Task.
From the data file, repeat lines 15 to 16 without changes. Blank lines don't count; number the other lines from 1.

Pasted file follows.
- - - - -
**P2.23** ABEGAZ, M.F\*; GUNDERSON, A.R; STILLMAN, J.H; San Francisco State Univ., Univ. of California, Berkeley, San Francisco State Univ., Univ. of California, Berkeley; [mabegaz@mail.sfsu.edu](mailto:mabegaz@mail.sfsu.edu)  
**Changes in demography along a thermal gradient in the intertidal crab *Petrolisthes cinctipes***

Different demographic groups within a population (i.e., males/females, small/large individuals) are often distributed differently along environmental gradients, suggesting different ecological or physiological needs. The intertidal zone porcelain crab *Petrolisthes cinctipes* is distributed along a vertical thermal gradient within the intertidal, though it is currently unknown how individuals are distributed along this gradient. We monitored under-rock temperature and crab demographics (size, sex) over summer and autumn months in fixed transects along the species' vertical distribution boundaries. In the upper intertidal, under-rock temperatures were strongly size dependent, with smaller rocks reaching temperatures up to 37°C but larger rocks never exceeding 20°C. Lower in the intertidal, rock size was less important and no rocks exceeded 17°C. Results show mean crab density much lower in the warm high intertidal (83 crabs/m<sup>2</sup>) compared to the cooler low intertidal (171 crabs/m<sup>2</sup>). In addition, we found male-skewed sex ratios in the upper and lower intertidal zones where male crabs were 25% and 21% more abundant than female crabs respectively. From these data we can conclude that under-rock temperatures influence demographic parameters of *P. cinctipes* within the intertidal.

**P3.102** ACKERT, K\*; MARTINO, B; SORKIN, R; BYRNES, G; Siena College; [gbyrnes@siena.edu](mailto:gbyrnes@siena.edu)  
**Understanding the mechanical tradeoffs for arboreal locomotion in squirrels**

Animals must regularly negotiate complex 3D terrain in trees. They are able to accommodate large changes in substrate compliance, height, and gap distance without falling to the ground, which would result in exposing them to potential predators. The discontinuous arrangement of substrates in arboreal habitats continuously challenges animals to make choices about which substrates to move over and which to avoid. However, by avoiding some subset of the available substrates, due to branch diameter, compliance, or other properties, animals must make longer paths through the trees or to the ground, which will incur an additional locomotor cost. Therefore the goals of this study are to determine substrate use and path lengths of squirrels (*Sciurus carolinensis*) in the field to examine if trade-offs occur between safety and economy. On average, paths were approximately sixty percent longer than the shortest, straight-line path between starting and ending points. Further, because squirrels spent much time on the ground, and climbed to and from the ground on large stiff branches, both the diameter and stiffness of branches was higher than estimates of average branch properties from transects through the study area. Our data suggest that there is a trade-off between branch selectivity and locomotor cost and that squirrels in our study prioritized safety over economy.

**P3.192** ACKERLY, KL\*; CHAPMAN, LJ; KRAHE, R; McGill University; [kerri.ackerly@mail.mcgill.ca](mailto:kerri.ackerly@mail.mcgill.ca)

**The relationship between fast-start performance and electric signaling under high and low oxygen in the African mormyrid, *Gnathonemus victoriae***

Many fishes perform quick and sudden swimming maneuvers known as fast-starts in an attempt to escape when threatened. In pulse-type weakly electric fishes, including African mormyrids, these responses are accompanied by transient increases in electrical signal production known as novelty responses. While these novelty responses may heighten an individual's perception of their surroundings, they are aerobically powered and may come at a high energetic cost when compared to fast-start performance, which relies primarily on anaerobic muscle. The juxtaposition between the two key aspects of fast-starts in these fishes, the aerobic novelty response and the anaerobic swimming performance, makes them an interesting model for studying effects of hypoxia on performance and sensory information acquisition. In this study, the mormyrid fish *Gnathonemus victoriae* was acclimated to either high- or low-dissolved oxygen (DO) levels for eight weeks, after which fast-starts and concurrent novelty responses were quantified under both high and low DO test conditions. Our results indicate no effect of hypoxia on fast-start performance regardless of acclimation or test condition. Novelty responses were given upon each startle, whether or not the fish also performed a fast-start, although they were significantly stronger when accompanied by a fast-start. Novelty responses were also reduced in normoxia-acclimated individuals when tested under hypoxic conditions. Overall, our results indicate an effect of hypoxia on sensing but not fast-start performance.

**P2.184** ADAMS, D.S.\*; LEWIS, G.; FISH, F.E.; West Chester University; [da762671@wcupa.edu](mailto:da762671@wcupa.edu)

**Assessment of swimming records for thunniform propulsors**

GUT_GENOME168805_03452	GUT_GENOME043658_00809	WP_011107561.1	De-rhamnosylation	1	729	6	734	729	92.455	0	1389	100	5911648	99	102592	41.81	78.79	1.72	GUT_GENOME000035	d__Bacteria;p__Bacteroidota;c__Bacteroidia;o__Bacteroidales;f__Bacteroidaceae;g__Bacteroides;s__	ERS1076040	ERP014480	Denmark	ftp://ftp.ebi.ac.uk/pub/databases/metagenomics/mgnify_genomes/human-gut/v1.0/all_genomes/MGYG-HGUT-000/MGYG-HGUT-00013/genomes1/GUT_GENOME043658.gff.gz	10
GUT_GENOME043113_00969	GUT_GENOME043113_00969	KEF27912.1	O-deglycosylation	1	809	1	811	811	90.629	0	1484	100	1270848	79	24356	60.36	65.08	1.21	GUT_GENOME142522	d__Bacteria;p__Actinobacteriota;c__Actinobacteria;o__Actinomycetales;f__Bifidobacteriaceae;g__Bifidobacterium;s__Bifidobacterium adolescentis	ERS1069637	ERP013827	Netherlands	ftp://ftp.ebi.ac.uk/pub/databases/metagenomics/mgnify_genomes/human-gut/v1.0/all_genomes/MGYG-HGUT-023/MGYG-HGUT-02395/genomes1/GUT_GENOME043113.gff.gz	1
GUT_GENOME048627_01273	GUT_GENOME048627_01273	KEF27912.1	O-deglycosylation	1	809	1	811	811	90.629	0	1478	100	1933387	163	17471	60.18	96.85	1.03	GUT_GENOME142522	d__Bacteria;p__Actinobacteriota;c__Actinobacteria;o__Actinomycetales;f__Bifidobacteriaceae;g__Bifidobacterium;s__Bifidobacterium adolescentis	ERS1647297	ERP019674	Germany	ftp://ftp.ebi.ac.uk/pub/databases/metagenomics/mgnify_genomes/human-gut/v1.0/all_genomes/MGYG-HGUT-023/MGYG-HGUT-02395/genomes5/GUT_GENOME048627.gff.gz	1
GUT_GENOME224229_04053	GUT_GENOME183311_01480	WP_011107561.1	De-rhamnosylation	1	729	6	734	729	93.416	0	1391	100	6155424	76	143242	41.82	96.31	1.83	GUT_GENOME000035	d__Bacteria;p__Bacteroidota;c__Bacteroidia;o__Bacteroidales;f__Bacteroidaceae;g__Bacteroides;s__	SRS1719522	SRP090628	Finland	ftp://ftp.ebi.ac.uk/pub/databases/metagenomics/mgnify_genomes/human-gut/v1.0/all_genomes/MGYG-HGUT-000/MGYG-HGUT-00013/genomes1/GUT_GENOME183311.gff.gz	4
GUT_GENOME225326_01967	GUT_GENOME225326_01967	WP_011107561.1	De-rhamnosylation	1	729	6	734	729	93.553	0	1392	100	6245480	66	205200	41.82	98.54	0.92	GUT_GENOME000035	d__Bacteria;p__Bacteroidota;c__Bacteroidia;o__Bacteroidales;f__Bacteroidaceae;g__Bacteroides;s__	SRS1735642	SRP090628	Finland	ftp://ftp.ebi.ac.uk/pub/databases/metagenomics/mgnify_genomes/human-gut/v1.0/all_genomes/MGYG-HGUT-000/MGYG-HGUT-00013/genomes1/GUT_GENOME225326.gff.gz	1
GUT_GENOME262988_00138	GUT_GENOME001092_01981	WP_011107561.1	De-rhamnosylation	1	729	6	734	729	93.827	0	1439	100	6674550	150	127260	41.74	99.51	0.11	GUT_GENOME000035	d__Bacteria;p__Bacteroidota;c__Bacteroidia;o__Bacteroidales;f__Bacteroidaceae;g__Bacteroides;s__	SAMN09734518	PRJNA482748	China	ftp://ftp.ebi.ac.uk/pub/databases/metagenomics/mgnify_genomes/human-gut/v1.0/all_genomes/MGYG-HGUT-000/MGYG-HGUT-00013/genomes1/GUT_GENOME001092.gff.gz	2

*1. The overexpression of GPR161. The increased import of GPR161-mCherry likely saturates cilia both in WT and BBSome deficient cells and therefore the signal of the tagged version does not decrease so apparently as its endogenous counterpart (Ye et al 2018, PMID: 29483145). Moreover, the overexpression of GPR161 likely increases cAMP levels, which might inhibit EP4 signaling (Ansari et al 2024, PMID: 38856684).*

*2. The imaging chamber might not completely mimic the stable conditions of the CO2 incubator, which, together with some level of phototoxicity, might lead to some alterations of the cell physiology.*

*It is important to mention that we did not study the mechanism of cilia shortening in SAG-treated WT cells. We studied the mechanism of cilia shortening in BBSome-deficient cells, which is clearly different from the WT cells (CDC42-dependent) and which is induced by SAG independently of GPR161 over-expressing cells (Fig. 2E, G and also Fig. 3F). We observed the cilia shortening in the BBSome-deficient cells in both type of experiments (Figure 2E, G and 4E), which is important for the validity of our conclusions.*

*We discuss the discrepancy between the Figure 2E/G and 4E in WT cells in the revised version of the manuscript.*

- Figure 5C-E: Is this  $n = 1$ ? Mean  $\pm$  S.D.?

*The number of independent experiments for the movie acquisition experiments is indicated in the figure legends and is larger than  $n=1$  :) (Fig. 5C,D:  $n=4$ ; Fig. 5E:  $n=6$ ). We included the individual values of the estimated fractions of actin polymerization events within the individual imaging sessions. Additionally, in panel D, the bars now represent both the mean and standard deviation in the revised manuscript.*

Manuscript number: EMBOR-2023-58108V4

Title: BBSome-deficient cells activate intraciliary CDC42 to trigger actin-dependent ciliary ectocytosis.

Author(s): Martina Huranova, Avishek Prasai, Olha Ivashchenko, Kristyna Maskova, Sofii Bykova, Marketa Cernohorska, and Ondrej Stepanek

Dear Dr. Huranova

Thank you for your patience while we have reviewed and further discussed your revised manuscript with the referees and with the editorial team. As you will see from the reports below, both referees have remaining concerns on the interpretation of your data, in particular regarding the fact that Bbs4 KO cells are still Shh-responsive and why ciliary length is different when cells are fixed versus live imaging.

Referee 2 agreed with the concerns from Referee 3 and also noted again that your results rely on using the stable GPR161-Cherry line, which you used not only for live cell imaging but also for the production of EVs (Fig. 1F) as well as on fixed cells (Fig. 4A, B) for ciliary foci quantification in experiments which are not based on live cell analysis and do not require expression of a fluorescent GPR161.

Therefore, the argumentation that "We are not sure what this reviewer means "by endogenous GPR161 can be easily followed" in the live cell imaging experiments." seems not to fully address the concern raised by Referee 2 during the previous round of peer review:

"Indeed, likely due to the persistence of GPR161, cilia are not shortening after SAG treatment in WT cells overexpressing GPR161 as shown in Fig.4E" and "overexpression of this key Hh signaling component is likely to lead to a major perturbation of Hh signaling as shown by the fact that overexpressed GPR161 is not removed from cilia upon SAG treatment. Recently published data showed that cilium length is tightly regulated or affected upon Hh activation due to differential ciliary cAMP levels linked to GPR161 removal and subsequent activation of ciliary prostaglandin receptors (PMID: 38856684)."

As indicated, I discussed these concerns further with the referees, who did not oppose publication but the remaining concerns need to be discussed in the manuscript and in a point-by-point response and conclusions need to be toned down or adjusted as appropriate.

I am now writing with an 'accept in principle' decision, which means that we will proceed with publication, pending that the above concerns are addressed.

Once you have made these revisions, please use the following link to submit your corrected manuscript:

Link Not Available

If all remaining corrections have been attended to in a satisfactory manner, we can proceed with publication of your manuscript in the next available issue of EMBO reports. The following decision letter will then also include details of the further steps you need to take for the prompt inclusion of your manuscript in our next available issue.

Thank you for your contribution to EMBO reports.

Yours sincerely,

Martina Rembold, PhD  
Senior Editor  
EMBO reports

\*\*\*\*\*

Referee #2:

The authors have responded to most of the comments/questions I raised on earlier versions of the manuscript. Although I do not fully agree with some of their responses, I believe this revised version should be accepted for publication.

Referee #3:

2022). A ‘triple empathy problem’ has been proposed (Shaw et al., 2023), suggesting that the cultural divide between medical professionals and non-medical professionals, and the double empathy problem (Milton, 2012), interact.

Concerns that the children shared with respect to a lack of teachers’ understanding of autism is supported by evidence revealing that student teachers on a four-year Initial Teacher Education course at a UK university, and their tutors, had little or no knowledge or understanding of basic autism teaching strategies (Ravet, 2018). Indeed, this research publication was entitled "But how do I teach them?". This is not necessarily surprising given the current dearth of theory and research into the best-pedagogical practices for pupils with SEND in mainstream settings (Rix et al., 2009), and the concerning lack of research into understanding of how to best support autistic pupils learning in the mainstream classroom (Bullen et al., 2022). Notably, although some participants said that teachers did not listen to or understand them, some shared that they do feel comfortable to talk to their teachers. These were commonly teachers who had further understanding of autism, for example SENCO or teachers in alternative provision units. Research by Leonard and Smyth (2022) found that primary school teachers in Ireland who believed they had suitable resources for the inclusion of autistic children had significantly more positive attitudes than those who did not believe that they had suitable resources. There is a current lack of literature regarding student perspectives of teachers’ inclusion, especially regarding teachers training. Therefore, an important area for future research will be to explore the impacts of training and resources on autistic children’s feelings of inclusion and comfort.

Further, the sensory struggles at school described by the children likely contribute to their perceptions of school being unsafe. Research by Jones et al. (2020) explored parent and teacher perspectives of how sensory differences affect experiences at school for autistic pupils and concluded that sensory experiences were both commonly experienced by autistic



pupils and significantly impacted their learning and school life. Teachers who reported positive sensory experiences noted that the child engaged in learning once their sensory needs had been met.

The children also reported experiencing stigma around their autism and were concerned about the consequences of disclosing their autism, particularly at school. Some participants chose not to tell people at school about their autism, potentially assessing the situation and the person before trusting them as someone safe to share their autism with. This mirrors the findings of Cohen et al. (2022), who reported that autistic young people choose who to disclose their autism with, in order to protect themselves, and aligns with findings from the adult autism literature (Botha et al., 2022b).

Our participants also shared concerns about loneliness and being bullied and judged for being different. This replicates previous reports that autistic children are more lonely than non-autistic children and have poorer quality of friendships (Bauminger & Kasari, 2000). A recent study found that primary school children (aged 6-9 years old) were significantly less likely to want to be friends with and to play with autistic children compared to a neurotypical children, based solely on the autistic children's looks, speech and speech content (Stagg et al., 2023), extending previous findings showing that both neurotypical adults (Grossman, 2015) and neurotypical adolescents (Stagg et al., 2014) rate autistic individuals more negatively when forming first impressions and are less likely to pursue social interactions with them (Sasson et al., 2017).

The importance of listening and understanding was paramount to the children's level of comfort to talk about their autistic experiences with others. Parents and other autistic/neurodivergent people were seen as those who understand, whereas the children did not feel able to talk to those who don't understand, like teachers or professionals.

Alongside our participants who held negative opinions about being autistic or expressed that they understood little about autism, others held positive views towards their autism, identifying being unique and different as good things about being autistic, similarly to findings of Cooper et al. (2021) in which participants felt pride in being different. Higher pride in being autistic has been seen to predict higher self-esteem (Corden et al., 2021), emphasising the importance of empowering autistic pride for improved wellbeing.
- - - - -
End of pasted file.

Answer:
GUT_GENOME224229_04053	GUT_GENOME183311_01480	WP_011107561.1	De-rhamnosylation	1	729	6	734	729	93.416	0	1391	100	6155424	76	143242	41.82	96.31	1.83	GUT_GENOME000035	d__Bacteria;p__Bacteroidota;c__Bacteroidia;o__Bacteroidales;f__Bacteroidaceae;g__Bacteroides;s__	SRS1719522	SRP090628	Finland	ftp://ftp.ebi.ac.uk/pub/databases/metagenomics/mgnify_genomes/human-gut/v1.0/all_genomes/MGYG-HGUT-000/MGYG-HGUT-00013/genomes1/GUT_GENOME183311.gff.gz	4
GUT_GENOME225326_01967	GUT_GENOME225326_01967	WP_011107561.1	De-rhamnosylation	1	729	6	734	729	93.553	0	1392	100	6245480	66	205200	41.82	98.54	0.92	GUT_GENOME000035	d__Bacteria;p__Bacteroidota;c__Bacteroidia;o__Bacteroidales;f__Bacteroidaceae;g__Bacteroides;s__	SRS1735642	SRP090628	Finland	ftp://ftp.ebi.ac.uk/pub/databases/metagenomics/mgnify_genomes/human-gut/v1.0/all_genomes/MGYG-HGUT-000/MGYG-HGUT-00013/genomes1/GUT_GENOME225326.gff.gz	1